When Don Henley and Glenn Frey wrote the lyrics for the Eagles classic “Hotel California,” they were determined to push their own boundaries.

The 1976 hit single, taken from the album of the same name, was a series of references to their own experiences with fame and fortune. But there was also a reference to Steely Dan – the line “They stab it with their steely knives, but they just can't kill the beast” – and there’s a good reason for that, as the late Frey once told Uncle Joe Benson on the Ultimate Classic Rock Nights radio show.

“One of the things that impressed us about Steely Dan was that they would say anything in their songs, and it didn’t have to necessarily make sense,” he said. “They called it ‘joke sculpture.’  When we thought of this song ‘Hotel California,’ we started thinking that it would be very cinematic to do it like sort of The Twilight Zone – you just have one line that says there’s a guy on the highway, the next line says there’s a hotel in the distance, then there’s a women there, then he walks in. It’s just like all one-shots just strung together, and you sort of draw your own conclusions from it.”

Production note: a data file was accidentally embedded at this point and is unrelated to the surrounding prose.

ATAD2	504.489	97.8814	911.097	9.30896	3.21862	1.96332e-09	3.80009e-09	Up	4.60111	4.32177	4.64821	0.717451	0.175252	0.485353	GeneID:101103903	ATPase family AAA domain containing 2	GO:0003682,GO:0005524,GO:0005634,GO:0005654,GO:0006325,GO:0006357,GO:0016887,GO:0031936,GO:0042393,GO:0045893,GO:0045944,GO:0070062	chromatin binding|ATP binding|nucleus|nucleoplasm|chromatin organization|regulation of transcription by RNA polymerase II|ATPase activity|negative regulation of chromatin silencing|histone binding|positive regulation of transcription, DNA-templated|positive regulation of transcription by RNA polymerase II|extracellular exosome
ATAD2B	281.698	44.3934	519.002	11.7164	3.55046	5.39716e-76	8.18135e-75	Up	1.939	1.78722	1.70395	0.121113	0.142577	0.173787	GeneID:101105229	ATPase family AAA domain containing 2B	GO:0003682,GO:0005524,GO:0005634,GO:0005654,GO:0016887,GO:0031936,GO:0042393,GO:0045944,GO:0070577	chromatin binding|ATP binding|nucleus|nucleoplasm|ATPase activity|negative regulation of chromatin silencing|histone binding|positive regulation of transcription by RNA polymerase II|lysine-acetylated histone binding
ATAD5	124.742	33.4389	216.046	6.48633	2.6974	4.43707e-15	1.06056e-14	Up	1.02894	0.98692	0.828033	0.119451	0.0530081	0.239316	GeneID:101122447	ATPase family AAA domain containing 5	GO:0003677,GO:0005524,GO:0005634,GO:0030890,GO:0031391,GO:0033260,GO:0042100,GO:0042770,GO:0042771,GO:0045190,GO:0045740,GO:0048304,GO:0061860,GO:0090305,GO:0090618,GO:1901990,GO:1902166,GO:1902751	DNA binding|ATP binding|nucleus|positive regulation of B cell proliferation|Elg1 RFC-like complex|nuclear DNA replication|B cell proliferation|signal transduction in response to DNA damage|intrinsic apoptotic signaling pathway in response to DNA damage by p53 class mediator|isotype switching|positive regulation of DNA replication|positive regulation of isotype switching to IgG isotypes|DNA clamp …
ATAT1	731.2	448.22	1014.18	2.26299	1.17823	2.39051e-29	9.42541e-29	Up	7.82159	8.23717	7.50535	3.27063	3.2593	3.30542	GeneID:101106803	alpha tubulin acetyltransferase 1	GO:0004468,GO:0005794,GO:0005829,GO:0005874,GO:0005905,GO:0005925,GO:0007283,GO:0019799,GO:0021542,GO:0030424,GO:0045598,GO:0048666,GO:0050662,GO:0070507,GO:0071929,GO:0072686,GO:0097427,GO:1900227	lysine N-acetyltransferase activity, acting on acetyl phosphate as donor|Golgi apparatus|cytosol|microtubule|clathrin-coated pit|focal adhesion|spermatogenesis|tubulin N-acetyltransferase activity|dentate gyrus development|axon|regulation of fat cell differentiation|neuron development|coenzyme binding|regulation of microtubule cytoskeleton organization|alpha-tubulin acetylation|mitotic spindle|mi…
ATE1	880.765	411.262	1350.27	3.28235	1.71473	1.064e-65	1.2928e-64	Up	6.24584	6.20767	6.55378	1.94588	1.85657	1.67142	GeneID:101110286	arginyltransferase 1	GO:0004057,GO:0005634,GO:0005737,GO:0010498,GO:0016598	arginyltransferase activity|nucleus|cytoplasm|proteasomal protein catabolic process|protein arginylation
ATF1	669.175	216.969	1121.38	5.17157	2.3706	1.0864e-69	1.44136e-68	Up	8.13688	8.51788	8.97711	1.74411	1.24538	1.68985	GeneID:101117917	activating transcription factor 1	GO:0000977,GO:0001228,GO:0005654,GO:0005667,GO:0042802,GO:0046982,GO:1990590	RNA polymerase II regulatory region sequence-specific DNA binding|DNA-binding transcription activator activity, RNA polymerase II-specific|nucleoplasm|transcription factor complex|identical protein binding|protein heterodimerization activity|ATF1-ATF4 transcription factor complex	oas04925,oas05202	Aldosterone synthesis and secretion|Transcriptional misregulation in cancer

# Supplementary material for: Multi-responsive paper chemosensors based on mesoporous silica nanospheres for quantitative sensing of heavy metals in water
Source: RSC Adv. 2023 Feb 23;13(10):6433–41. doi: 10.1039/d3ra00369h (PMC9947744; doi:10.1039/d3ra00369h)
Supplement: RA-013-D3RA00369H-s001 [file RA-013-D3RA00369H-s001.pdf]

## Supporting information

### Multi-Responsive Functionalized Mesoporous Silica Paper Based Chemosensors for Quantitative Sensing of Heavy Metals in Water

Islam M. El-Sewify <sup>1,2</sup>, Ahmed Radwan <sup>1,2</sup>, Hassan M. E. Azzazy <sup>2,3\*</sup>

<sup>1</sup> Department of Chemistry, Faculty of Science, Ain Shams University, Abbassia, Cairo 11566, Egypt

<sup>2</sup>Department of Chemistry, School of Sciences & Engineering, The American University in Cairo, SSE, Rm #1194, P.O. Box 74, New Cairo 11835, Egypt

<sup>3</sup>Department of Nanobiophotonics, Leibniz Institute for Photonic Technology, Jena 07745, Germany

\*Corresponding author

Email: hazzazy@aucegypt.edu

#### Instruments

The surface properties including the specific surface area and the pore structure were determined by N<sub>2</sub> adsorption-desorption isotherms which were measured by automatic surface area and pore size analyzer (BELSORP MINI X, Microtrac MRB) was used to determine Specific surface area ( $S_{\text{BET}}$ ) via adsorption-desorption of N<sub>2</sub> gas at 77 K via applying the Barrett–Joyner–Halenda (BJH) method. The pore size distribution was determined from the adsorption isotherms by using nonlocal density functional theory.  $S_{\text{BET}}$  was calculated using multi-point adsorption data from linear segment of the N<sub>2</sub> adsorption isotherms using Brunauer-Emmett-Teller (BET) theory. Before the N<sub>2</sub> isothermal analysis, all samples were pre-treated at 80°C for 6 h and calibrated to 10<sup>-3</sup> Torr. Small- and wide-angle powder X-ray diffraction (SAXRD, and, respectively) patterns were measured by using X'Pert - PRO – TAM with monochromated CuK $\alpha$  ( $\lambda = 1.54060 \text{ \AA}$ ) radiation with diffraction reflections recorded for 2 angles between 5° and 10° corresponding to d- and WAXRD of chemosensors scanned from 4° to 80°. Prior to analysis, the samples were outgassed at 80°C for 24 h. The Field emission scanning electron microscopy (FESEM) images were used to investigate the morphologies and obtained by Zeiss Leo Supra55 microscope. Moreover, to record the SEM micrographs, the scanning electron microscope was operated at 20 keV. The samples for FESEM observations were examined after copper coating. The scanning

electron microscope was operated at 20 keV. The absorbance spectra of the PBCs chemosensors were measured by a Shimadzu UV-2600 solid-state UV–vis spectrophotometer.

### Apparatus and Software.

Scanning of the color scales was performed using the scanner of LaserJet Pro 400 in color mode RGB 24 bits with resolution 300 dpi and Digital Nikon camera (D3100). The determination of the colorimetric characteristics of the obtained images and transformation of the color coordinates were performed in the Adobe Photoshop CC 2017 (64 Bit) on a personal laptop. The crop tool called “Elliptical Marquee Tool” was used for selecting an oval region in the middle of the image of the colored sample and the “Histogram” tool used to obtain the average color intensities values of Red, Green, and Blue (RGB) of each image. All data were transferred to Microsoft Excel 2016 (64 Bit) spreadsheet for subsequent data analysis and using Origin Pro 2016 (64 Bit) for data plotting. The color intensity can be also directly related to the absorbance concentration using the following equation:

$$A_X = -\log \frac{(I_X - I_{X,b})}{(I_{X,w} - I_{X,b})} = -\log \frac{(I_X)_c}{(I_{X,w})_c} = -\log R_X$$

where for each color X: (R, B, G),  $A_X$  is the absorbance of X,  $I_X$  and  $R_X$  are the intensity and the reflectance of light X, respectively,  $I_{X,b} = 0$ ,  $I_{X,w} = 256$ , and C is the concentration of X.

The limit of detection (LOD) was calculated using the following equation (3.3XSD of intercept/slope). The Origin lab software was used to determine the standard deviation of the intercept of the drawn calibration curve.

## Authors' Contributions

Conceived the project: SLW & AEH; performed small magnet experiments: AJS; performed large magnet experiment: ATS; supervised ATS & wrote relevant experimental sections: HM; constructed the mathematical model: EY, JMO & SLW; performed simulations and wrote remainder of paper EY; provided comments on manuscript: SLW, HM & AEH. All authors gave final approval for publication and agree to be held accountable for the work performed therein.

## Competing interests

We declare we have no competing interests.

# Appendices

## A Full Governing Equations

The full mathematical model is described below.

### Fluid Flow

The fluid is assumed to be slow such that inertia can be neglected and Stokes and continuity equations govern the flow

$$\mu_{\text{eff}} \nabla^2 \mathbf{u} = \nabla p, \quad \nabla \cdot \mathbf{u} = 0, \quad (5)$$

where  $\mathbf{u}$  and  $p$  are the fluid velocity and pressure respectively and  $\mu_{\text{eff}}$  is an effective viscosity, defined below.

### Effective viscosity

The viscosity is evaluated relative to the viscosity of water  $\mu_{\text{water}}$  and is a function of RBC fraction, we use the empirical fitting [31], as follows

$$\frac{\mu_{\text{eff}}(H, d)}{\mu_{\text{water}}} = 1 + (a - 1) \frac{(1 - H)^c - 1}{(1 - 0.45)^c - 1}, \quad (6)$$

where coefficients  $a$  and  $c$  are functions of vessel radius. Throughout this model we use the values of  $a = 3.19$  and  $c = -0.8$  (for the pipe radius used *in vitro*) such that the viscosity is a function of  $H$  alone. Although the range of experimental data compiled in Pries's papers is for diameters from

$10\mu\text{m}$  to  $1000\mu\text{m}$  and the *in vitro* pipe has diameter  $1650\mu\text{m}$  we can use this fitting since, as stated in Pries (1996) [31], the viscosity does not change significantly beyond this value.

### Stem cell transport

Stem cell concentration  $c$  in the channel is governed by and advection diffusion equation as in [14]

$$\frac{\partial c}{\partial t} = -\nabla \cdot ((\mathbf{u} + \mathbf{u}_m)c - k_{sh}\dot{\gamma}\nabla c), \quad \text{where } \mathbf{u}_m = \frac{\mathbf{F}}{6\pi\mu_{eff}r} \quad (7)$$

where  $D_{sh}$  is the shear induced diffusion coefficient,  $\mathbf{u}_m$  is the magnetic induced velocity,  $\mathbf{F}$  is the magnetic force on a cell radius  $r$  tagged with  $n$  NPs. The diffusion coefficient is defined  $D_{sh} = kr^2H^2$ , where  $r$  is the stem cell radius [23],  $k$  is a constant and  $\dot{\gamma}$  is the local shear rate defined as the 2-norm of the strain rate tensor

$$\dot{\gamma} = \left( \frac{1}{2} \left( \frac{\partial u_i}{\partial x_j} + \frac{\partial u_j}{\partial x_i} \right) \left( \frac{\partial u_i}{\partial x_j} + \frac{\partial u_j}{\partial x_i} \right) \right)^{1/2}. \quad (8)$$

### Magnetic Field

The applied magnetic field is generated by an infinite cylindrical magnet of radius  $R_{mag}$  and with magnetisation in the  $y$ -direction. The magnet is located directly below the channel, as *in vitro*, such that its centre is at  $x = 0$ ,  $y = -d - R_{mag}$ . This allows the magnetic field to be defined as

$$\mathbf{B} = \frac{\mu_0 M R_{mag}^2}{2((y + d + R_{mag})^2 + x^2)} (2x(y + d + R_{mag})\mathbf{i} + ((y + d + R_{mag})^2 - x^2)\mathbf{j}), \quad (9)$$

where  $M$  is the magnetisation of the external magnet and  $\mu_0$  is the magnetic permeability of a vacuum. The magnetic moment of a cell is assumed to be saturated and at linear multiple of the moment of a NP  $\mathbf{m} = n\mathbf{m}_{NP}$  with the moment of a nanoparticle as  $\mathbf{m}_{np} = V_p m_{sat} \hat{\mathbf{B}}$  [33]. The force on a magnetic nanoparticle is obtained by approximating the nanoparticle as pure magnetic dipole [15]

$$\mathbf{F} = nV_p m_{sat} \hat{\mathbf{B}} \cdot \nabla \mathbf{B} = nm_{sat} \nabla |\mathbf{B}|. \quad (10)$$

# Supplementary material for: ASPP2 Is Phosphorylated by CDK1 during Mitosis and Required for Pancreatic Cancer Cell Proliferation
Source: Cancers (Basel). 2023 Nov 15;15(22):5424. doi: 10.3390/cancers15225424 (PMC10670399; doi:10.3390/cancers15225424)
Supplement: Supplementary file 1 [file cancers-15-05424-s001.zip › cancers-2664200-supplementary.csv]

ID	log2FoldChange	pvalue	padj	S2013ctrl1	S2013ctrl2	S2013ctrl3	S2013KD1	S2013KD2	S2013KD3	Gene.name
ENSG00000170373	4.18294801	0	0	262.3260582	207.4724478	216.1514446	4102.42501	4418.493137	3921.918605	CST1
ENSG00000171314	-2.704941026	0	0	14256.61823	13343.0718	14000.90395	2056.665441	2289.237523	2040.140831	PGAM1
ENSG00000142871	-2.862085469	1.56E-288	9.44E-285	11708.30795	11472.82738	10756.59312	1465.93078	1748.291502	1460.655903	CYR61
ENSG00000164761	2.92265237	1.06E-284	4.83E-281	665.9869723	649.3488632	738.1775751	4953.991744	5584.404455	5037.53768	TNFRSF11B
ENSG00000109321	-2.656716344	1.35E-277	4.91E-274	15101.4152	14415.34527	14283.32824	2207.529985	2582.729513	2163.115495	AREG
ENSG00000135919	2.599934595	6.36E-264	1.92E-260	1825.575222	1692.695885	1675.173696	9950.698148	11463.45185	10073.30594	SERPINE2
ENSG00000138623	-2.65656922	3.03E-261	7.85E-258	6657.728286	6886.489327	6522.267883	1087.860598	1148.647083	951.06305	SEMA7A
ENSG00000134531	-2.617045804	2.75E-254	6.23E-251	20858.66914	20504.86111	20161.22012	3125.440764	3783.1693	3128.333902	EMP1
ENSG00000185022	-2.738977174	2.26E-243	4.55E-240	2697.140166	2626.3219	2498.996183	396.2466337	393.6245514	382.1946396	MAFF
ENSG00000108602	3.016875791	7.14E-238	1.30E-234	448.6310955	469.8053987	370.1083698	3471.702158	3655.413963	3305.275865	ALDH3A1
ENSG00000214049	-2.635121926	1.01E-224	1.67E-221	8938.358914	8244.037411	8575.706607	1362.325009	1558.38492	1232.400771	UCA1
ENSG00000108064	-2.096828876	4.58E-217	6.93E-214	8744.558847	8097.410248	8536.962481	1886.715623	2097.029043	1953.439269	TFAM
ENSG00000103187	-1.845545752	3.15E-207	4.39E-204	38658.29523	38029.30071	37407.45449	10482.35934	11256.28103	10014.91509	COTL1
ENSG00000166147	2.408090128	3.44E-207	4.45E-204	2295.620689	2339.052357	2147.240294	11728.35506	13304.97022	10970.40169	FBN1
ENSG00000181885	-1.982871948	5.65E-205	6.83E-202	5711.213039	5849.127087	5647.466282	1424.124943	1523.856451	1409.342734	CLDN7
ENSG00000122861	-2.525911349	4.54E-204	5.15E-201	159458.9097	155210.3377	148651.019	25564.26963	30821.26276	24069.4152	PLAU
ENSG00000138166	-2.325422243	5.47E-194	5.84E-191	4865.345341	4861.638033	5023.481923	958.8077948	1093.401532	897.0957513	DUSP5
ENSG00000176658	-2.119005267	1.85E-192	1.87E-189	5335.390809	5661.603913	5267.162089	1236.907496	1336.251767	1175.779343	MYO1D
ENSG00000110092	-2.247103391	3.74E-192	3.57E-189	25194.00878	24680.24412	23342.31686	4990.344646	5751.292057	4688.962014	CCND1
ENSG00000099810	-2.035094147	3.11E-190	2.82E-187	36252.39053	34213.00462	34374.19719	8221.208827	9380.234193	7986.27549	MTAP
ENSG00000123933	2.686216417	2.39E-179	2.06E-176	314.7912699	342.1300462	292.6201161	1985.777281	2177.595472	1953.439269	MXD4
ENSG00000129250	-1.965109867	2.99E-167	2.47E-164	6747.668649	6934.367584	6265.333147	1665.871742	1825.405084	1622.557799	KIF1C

Frey recalled that he and Henley "were sort of trying to expand our lyrical horizons and just take on something in the realm of the bizarre, as Steely Dan had done.”

That’s one of the reasons they mention the group in the lyrics; another was because the Steely Dan song “Everything You Did,” which was released earlier in 1976, included the line “Turn up the Eagles, the neighbors are listening.”

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